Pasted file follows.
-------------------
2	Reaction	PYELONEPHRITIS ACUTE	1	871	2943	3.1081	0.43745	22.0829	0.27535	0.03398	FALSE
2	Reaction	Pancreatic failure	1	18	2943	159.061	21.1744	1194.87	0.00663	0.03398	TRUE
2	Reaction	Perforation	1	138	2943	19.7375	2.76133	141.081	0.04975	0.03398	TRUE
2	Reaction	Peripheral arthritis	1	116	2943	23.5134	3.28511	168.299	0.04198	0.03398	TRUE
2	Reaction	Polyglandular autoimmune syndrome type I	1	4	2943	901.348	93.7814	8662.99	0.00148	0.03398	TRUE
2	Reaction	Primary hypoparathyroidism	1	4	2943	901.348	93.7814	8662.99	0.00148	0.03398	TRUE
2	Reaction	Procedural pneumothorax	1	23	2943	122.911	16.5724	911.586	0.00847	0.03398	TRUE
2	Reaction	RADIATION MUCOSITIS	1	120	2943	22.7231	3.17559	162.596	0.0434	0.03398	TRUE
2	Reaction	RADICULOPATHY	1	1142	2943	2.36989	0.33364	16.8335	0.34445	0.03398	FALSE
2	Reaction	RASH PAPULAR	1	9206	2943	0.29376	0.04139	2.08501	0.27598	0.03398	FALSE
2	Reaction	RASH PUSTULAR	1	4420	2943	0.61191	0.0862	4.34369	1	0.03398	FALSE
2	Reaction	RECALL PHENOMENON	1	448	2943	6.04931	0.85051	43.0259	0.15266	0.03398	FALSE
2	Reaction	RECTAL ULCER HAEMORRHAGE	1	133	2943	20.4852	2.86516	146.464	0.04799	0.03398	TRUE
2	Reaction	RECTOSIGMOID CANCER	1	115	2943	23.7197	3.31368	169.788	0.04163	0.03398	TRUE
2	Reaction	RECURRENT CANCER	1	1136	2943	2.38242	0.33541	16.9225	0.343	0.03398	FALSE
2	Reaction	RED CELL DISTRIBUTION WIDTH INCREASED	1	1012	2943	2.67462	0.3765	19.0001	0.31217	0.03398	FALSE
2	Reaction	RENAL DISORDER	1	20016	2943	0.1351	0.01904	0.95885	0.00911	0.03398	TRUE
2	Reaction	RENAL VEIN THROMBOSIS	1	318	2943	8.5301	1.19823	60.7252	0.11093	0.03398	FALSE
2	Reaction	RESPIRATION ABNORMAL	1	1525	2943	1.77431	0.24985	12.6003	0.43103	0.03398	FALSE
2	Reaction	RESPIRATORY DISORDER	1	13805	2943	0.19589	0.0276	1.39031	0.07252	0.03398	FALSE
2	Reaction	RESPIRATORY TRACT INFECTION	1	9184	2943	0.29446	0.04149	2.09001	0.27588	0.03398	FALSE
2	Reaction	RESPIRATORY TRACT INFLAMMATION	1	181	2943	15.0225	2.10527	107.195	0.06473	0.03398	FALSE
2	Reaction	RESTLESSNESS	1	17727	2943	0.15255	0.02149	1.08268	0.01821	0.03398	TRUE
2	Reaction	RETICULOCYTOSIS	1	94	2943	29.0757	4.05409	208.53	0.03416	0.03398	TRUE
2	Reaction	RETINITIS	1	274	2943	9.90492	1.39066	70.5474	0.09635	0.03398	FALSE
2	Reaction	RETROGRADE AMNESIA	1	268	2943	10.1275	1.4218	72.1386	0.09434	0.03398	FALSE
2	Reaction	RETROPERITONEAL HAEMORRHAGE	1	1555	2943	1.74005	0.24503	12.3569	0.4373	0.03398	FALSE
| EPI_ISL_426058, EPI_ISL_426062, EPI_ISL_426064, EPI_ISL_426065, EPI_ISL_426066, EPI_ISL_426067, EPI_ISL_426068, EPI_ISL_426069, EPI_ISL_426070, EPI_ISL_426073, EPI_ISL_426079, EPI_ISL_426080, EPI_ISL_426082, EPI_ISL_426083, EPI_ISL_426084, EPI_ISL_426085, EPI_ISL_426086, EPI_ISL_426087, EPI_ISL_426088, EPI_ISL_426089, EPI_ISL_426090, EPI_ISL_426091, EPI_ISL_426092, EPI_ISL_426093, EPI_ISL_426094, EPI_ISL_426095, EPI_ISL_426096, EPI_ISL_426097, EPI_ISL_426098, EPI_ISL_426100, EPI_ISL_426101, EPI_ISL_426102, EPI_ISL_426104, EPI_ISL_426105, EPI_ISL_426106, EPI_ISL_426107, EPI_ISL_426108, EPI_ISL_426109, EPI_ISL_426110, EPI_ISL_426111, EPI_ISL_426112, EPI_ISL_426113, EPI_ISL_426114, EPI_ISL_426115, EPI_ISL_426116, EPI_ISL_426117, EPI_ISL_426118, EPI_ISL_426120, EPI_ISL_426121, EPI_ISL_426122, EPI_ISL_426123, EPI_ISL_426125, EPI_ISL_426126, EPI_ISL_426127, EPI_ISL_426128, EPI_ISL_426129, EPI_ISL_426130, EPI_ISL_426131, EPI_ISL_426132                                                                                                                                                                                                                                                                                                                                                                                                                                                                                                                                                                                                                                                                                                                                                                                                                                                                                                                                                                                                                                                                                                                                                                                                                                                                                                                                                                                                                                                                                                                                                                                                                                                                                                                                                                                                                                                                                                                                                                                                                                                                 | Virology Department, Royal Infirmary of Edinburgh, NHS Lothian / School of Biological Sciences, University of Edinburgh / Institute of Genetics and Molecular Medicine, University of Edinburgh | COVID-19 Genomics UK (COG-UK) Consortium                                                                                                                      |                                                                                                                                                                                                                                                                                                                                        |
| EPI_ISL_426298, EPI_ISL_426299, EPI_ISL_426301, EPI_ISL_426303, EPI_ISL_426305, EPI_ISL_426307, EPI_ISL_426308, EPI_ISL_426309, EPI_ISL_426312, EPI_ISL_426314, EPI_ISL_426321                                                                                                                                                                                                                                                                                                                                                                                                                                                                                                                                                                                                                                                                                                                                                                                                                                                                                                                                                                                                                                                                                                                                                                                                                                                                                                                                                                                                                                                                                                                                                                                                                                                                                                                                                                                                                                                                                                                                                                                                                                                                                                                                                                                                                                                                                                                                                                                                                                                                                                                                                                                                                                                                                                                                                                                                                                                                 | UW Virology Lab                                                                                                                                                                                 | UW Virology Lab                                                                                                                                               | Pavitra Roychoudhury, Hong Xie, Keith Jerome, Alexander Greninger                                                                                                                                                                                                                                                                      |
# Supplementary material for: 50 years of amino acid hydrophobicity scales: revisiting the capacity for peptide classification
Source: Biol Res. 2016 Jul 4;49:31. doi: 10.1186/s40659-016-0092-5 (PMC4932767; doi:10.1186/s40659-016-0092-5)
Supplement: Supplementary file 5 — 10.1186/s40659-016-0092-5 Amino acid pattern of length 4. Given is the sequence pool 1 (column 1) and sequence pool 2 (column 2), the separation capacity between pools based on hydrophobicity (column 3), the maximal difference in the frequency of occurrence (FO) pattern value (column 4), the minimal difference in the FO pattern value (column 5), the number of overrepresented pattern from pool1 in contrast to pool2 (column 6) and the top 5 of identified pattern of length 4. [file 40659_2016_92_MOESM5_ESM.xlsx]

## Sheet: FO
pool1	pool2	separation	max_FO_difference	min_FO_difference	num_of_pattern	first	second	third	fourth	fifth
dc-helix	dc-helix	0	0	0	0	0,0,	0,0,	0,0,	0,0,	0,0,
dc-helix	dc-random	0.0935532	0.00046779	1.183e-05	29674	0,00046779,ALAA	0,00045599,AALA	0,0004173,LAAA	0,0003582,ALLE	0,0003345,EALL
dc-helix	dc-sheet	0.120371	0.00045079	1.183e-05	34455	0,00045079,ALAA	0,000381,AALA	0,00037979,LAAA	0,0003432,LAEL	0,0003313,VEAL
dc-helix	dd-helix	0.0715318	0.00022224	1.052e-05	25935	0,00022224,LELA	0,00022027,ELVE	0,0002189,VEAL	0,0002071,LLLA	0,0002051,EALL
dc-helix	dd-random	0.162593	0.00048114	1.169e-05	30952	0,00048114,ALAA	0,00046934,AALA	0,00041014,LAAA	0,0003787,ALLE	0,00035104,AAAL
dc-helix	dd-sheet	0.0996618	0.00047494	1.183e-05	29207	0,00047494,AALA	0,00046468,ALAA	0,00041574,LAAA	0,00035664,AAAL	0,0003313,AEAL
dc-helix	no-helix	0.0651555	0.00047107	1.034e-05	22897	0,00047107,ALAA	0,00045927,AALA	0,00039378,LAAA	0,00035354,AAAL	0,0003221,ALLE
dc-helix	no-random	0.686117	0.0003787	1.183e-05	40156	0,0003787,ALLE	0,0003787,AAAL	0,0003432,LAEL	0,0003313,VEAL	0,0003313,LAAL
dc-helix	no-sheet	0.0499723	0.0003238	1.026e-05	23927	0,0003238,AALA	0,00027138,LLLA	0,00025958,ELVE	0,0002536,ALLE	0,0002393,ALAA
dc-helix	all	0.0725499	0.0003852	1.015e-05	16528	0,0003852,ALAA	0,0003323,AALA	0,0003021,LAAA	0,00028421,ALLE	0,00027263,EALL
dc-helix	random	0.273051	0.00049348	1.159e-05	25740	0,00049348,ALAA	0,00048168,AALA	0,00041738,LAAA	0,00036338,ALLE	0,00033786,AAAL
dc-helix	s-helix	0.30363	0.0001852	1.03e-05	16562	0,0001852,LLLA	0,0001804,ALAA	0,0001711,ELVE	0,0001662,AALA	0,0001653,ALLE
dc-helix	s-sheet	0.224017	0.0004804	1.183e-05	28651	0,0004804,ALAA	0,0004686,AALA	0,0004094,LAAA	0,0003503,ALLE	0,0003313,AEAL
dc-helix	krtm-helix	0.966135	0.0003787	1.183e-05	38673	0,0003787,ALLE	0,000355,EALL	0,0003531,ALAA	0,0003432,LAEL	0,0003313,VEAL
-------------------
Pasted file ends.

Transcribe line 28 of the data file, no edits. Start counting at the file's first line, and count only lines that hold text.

| EPI_ISL_426058, EPI_ISL_426062, EPI_ISL_426064, EPI_ISL_426065, EPI_ISL_426066, EPI_ISL_426067, EPI_ISL_426068, EPI_ISL_426069, EPI_ISL_426070, EPI_ISL_426073, EPI_ISL_426079, EPI_ISL_426080, EPI_ISL_426082, EPI_ISL_426083, EPI_ISL_426084, EPI_ISL_426085, EPI_ISL_426086, EPI_ISL_426087, EPI_ISL_426088, EPI_ISL_426089, EPI_ISL_426090, EPI_ISL_426091, EPI_ISL_426092, EPI_ISL_426093, EPI_ISL_426094, EPI_ISL_426095, EPI_ISL_426096, EPI_ISL_426097, EPI_ISL_426098, EPI_ISL_426100, EPI_ISL_426101, EPI_ISL_426102, EPI_ISL_426104, EPI_ISL_426105, EPI_ISL_426106, EPI_ISL_426107, EPI_ISL_426108, EPI_ISL_426109, EPI_ISL_426110, EPI_ISL_426111, EPI_ISL_426112, EPI_ISL_426113, EPI_ISL_426114, EPI_ISL_426115, EPI_ISL_426116, EPI_ISL_426117, EPI_ISL_426118, EPI_ISL_426120, EPI_ISL_426121, EPI_ISL_426122, EPI_ISL_426123, EPI_ISL_426125, EPI_ISL_426126, EPI_ISL_426127, EPI_ISL_426128, EPI_ISL_426129, EPI_ISL_426130, EPI_ISL_426131, EPI_ISL_426132                                                                                                                                                                                                                                                                                                                                                                                                                                                                                                                                                                                                                                                                                                                                                                                                                                                                                                                                                                                                                                                                                                                                                                                                                                                                                                                                                                                                                                                                                                                                                                                                                                                                                                                                                                                                                                                                                                                                                                                                                                                                 | Virology Department, Royal Infirmary of Edinburgh, NHS Lothian / School of Biological Sciences, University of Edinburgh / Institute of Genetics and Molecular Medicine, University of Edinburgh | COVID-19 Genomics UK (COG-UK) Consortium                                                                                                                      |                                                                                                                                                                                                                                                                                                                                        |